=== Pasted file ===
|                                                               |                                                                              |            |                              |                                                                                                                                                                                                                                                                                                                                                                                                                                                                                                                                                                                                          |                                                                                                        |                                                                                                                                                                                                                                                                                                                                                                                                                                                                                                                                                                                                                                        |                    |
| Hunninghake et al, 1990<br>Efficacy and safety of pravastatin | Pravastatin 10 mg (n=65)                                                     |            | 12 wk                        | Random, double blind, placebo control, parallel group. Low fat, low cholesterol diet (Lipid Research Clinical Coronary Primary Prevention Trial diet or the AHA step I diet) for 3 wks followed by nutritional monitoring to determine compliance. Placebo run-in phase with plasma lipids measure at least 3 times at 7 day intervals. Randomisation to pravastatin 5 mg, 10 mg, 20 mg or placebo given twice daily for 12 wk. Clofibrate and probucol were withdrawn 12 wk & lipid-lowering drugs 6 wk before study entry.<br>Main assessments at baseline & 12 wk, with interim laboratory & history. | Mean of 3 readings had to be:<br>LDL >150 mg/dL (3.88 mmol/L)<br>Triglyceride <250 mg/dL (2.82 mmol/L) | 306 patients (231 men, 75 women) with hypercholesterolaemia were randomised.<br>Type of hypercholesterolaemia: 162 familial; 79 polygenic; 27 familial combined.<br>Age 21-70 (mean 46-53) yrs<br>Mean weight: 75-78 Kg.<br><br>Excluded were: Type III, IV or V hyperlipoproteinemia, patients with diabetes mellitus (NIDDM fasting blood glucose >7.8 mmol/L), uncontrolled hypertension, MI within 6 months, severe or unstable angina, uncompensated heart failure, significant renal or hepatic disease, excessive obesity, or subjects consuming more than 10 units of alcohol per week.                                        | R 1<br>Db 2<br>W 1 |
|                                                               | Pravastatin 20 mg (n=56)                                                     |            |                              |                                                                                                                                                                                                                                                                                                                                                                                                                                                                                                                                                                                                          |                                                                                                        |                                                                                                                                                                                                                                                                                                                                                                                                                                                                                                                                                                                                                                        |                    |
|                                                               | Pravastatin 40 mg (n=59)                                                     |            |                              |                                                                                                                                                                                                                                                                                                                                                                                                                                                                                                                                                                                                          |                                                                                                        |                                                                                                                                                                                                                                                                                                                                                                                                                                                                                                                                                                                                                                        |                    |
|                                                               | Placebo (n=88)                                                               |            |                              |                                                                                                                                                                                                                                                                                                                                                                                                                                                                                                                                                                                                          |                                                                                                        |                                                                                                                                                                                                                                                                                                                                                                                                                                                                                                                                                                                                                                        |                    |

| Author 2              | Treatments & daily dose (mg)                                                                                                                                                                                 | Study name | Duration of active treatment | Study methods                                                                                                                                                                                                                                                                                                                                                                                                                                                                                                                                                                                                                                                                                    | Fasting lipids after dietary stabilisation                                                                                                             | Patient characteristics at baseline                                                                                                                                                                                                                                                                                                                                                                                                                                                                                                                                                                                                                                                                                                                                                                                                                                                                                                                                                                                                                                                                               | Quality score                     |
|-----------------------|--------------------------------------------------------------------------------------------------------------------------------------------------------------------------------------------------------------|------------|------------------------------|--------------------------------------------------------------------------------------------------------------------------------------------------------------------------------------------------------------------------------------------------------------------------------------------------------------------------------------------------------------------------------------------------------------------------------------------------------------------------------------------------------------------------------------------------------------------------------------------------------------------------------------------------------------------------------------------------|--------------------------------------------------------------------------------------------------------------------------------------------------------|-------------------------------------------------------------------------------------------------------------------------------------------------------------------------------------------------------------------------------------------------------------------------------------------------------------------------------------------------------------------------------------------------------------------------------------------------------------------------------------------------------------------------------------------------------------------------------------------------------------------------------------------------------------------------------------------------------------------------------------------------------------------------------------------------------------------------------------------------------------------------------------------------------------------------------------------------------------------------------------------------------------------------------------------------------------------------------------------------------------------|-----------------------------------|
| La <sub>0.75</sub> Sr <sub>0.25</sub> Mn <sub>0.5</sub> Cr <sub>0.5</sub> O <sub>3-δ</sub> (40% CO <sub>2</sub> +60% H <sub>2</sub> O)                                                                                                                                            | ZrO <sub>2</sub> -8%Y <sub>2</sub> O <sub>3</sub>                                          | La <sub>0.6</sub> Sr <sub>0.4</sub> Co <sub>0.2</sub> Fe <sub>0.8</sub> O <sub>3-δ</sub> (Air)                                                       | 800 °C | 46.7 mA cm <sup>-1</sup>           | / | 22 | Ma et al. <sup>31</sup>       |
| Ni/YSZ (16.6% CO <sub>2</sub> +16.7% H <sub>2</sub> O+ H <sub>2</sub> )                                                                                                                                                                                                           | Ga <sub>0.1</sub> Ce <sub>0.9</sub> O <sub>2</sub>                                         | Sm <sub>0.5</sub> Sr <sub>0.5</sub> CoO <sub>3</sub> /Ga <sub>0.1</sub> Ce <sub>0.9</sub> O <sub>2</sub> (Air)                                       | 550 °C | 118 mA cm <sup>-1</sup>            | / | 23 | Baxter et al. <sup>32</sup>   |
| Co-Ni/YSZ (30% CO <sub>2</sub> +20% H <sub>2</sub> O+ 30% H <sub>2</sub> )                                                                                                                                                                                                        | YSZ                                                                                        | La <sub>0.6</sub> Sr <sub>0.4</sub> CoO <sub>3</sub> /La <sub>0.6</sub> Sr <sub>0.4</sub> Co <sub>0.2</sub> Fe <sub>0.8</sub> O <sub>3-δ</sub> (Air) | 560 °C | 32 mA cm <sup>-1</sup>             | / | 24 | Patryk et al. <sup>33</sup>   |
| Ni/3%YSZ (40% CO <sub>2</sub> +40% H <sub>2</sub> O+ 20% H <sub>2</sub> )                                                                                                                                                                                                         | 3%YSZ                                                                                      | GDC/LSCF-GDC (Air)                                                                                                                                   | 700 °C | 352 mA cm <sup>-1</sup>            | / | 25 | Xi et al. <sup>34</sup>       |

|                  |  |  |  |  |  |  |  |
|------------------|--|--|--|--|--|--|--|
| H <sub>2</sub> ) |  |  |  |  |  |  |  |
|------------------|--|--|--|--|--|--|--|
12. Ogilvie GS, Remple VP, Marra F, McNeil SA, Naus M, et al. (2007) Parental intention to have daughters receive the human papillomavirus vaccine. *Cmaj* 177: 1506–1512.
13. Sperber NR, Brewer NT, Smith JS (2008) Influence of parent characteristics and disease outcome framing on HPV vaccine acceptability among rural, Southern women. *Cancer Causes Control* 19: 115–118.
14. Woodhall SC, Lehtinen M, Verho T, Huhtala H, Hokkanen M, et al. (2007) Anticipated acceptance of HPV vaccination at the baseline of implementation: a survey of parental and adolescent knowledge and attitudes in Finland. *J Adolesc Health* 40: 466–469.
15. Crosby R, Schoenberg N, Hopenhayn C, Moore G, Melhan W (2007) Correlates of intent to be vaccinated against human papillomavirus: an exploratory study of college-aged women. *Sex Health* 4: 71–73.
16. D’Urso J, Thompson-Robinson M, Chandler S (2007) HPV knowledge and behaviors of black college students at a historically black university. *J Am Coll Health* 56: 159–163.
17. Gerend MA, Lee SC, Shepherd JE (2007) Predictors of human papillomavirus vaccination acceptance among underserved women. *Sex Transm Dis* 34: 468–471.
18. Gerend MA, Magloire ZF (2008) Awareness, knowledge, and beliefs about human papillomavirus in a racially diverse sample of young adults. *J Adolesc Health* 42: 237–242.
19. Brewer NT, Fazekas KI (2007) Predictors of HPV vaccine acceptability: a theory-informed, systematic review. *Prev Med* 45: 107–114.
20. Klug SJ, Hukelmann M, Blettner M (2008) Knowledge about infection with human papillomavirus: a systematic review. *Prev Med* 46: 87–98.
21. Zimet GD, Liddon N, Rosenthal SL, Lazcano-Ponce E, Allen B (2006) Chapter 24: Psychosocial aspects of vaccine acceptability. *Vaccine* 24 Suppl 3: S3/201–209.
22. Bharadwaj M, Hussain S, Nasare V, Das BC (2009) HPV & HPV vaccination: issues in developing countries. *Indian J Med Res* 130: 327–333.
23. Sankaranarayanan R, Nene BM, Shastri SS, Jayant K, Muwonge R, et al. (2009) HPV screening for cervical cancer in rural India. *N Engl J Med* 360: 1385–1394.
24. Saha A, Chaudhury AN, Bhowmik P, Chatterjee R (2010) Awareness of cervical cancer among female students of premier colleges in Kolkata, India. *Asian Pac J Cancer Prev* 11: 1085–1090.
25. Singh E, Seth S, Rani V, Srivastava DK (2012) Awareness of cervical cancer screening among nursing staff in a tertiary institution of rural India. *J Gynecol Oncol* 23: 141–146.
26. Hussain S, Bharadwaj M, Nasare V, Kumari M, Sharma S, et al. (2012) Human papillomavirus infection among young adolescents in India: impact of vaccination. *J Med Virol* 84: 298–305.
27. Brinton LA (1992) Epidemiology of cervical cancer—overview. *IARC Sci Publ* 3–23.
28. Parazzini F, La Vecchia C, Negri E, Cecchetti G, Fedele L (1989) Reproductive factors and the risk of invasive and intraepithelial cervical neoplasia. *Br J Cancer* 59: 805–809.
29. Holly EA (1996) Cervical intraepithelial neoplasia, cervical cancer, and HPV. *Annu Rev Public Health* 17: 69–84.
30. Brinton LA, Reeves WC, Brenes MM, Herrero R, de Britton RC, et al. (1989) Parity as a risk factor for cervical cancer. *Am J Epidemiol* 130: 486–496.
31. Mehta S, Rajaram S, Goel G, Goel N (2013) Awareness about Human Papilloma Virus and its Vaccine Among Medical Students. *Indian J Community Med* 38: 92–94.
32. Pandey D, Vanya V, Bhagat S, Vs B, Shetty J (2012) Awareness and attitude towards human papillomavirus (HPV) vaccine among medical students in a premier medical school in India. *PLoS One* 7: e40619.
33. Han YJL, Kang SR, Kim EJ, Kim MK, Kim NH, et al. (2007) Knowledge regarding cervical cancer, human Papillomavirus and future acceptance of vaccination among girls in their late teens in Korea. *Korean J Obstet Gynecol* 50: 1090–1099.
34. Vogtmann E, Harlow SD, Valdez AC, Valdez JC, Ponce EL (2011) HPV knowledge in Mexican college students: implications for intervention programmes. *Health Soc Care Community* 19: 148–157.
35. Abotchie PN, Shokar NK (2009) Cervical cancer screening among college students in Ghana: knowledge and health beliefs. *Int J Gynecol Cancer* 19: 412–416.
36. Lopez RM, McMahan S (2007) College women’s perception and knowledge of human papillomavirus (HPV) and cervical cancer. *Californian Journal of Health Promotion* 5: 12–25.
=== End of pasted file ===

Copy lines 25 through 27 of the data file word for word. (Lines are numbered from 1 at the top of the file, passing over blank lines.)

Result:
21. Zimet GD, Liddon N, Rosenthal SL, Lazcano-Ponce E, Allen B (2006) Chapter 24: Psychosocial aspects of vaccine acceptability. *Vaccine* 24 Suppl 3: S3/201–209.
22. Bharadwaj M, Hussain S, Nasare V, Das BC (2009) HPV & HPV vaccination: issues in developing countries. *Indian J Med Res* 130: 327–333.
23. Sankaranarayanan R, Nene BM, Shastri SS, Jayant K, Muwonge R, et al. (2009) HPV screening for cervical cancer in rural India. *N Engl J Med* 360: 1385–1394.